The opportunity came up at work to build a Proof of Concept for a fairly critical service, and as it was our explicit intent that the team building the real service would not use this as the basis for their work we (myself and two other principal engineers, Steve and Jenn) chose to build it in Rust. Our motivations differed a little, personally I wanted to explore the Rust claim of no-cost abstractions in building more complex code than I have needed to so far. I also wanted to get a feel for writing server side Rust as most of the code I’ve written has been command line tooling or libraries. For Steve it was really exploring Rust in general and as a viable alternative for some teams that have started to look at Go. He had pretty deep experience in Go so there was some compare and contrast at work.
I think the month or so we worked on it (but not full time for any of us) was a good experience, it certainly met our work goal of providing enough implementation to prove our ideas and flesh out the API design and behavior. I also think we three agree that the experience was overall very positive both in tooling, documentation, crate availability, and community support. Going in we had read that the tooling had a poor reputation, but clearly that advice is out of date; the compiler was rarely anything but precise and I found the messages of the form “you can’t do this here, because you did that there” really valuable. The link to more details online for so many compiler messages was also helpful, though not equally for all errors. The combination of
cargo provide a great combination, and while these kinds of tools may be expected these days, like Python’s Anaconda, these are simple, lightweight and really help the getting started experience.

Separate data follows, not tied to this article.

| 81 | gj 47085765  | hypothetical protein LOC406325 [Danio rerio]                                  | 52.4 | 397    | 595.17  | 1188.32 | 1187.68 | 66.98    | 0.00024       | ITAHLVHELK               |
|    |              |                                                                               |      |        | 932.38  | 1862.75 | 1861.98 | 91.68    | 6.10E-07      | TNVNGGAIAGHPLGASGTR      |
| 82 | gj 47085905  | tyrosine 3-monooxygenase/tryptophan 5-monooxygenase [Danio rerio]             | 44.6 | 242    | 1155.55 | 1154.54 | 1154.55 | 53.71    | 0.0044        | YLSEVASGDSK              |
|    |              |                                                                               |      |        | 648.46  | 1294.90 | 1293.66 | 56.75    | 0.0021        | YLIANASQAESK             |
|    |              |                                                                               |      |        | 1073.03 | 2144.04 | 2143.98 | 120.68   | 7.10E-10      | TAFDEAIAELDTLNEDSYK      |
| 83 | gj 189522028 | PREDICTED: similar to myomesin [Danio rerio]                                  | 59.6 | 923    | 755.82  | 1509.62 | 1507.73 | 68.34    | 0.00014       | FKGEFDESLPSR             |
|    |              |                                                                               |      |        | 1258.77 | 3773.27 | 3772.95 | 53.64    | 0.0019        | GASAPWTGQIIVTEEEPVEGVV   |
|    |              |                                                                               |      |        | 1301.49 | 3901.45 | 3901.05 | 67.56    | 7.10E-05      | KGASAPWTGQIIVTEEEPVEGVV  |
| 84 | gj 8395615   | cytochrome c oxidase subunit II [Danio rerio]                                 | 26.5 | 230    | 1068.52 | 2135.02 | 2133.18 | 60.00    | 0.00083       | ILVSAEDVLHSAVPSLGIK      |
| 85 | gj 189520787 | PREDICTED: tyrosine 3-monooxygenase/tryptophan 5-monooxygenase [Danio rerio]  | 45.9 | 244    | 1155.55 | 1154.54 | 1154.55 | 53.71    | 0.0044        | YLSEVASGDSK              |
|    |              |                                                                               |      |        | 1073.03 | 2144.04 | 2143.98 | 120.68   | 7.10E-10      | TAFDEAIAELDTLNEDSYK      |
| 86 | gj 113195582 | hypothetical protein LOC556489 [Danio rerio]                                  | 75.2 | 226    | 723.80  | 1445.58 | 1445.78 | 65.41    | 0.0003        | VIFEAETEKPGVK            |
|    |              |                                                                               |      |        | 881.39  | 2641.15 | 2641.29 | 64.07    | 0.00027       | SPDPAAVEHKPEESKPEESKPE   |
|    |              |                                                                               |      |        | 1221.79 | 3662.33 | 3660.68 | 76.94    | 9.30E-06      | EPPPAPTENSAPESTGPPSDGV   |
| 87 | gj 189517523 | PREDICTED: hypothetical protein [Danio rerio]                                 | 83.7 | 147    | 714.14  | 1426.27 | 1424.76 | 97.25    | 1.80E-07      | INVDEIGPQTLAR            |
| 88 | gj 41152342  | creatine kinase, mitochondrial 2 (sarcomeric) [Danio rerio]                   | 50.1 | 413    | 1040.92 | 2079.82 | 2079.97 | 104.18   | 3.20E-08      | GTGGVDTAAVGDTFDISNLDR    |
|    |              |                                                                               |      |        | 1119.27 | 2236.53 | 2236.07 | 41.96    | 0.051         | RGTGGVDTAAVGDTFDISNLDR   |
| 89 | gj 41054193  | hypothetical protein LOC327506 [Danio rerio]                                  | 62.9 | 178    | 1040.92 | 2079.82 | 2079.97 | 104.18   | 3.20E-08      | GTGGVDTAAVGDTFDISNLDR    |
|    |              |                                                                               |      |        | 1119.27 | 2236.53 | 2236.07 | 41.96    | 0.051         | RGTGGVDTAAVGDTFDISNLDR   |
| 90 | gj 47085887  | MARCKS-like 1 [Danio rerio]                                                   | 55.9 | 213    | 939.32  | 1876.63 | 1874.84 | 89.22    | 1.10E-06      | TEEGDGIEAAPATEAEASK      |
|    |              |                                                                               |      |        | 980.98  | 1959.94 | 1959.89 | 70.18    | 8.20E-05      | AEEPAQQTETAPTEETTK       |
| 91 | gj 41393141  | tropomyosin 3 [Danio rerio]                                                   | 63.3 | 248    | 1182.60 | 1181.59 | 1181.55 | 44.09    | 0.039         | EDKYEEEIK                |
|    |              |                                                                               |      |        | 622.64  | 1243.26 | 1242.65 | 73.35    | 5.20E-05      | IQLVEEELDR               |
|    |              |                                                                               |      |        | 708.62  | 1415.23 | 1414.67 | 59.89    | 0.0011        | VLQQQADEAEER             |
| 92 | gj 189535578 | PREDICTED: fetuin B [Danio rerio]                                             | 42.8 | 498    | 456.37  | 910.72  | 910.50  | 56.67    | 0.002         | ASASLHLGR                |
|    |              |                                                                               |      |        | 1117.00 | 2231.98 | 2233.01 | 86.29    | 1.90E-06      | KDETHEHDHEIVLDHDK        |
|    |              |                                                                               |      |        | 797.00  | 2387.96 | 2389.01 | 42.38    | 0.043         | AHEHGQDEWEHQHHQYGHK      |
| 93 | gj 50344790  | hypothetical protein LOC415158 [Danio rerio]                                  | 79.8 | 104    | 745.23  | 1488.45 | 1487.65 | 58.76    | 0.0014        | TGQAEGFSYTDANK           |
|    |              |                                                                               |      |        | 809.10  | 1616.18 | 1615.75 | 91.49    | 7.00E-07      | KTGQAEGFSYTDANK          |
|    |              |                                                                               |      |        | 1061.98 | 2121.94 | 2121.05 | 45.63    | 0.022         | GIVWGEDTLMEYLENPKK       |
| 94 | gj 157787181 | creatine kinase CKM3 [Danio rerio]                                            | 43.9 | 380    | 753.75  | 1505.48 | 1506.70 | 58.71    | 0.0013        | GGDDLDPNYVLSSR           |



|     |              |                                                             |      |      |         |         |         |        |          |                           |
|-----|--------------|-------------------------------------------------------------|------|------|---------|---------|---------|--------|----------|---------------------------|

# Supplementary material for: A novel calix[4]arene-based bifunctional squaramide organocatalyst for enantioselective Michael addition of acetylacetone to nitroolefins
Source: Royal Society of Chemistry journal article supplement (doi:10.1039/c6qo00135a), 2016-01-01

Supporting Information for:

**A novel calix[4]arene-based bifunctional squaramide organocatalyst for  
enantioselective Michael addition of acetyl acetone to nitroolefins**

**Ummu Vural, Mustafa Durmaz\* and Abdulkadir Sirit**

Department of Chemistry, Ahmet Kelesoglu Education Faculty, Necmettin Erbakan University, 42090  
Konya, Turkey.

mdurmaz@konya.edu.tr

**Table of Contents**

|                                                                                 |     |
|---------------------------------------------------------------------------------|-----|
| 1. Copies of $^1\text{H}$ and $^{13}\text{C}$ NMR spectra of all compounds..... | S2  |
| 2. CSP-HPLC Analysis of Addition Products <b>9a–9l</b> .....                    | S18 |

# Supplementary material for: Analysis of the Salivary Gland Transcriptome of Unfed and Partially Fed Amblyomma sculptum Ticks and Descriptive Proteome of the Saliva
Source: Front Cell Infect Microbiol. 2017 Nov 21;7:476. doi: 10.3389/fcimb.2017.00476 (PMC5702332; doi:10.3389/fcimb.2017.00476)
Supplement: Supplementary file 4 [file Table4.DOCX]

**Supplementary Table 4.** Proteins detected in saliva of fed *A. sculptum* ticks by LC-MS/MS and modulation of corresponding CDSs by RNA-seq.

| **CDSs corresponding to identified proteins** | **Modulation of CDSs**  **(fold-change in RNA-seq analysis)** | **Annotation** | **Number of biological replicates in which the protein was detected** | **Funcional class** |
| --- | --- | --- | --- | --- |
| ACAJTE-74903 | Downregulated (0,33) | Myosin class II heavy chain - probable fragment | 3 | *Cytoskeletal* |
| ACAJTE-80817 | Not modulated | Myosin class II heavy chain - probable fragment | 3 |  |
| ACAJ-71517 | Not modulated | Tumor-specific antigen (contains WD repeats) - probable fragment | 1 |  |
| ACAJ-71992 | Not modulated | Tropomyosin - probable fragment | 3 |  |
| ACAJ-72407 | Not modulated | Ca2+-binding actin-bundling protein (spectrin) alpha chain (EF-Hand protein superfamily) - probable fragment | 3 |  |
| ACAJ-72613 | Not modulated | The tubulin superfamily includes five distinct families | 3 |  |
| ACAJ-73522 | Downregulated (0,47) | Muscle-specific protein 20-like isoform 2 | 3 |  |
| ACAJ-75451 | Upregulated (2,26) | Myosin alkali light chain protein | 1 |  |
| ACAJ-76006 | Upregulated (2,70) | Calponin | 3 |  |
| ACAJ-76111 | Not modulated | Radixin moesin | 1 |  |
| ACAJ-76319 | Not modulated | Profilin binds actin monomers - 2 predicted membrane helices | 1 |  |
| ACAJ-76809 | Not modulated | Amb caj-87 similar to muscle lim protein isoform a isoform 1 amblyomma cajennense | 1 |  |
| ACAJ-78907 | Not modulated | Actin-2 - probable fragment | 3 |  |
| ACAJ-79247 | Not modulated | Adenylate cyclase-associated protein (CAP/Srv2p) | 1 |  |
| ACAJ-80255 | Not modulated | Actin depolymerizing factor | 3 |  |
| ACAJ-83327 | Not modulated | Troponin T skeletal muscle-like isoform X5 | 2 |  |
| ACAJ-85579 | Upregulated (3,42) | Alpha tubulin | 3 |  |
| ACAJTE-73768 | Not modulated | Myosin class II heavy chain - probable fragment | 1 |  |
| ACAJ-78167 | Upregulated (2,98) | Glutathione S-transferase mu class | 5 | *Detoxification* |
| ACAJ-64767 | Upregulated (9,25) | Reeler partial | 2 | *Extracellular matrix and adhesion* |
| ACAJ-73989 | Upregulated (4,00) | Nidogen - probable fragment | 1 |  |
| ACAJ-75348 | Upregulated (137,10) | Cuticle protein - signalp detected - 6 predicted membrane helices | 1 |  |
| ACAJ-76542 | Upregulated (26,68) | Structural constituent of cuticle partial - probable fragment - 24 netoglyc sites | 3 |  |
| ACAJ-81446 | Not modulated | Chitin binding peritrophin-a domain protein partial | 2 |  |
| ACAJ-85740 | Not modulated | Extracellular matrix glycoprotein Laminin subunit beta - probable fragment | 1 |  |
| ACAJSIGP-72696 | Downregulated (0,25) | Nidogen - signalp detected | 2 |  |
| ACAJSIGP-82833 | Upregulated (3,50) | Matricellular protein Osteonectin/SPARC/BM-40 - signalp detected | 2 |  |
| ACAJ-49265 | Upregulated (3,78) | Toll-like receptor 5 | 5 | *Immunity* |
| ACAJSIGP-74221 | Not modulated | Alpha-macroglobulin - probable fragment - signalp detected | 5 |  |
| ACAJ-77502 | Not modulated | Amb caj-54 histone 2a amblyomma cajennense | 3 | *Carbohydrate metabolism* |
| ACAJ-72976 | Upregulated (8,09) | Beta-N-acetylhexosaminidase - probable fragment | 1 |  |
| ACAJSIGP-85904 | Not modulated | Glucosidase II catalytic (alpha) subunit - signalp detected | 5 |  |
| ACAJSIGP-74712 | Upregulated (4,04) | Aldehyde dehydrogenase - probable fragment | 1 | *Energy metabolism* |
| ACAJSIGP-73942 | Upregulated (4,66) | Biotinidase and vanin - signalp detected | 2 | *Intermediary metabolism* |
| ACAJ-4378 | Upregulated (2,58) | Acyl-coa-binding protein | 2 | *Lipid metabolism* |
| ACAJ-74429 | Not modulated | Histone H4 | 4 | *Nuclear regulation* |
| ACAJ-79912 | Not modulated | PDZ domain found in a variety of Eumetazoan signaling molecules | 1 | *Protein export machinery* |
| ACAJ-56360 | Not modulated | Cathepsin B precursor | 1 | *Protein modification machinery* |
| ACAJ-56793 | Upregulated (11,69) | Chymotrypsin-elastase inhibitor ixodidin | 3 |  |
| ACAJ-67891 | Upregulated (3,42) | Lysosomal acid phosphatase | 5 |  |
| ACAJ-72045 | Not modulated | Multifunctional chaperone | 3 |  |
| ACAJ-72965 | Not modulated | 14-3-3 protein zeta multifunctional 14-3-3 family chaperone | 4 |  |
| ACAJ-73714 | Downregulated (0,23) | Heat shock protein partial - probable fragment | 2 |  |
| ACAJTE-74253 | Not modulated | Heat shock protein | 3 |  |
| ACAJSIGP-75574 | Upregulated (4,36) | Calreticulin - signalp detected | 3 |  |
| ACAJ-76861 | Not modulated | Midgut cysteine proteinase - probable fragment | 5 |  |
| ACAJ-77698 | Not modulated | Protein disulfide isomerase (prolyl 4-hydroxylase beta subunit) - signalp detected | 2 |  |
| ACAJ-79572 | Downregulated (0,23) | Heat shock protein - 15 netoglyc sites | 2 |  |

The fact that there is one style for code, a really pedantic linter, and a very strong opinion around idiomatic Rust makes it way easier to focus on writing what’s in your head and letting
clippy deal with the details. I think for most people a combination of the strong static type system and borrow checker can result in a very frustrating initial experience, and not uncommon to hear comments like “that compiler is an asshole!” Once you get past the anthropomorphism you’ll find that the compiler is actually trying to be your friend, but that really good friend that knows when your about to do something really stupid and takes away your keys, or sometimes your chainsaw. Having your editor (I use IntelliJ IDEA, Vim was used on this project too) automatically run
clippy on every change means you can just type any nonsense, or hack at existing change and watch it get laid out nicely for you! Oh and when you use a really nice gaming desktop for compilation that support is near instant!
One of my co-conspirators on this effort gave a presentation to a really great group of senior engineers and got to the line “thread safe, memory safe, and no data races” a number of reactions of the form bullshit! were actually turned into curiosity and respect once they understood the borrow checker (oh and Kudos for Steve for being able to explain that faster than any method I’ve seen to date). I know at least none team that is going to revisit their recent decision to use Go with AWS Lambda as Rust is supported too, and another team interested in the performance benefits.
So, now I am looking for the next PoC, it feels really good to be coding again :)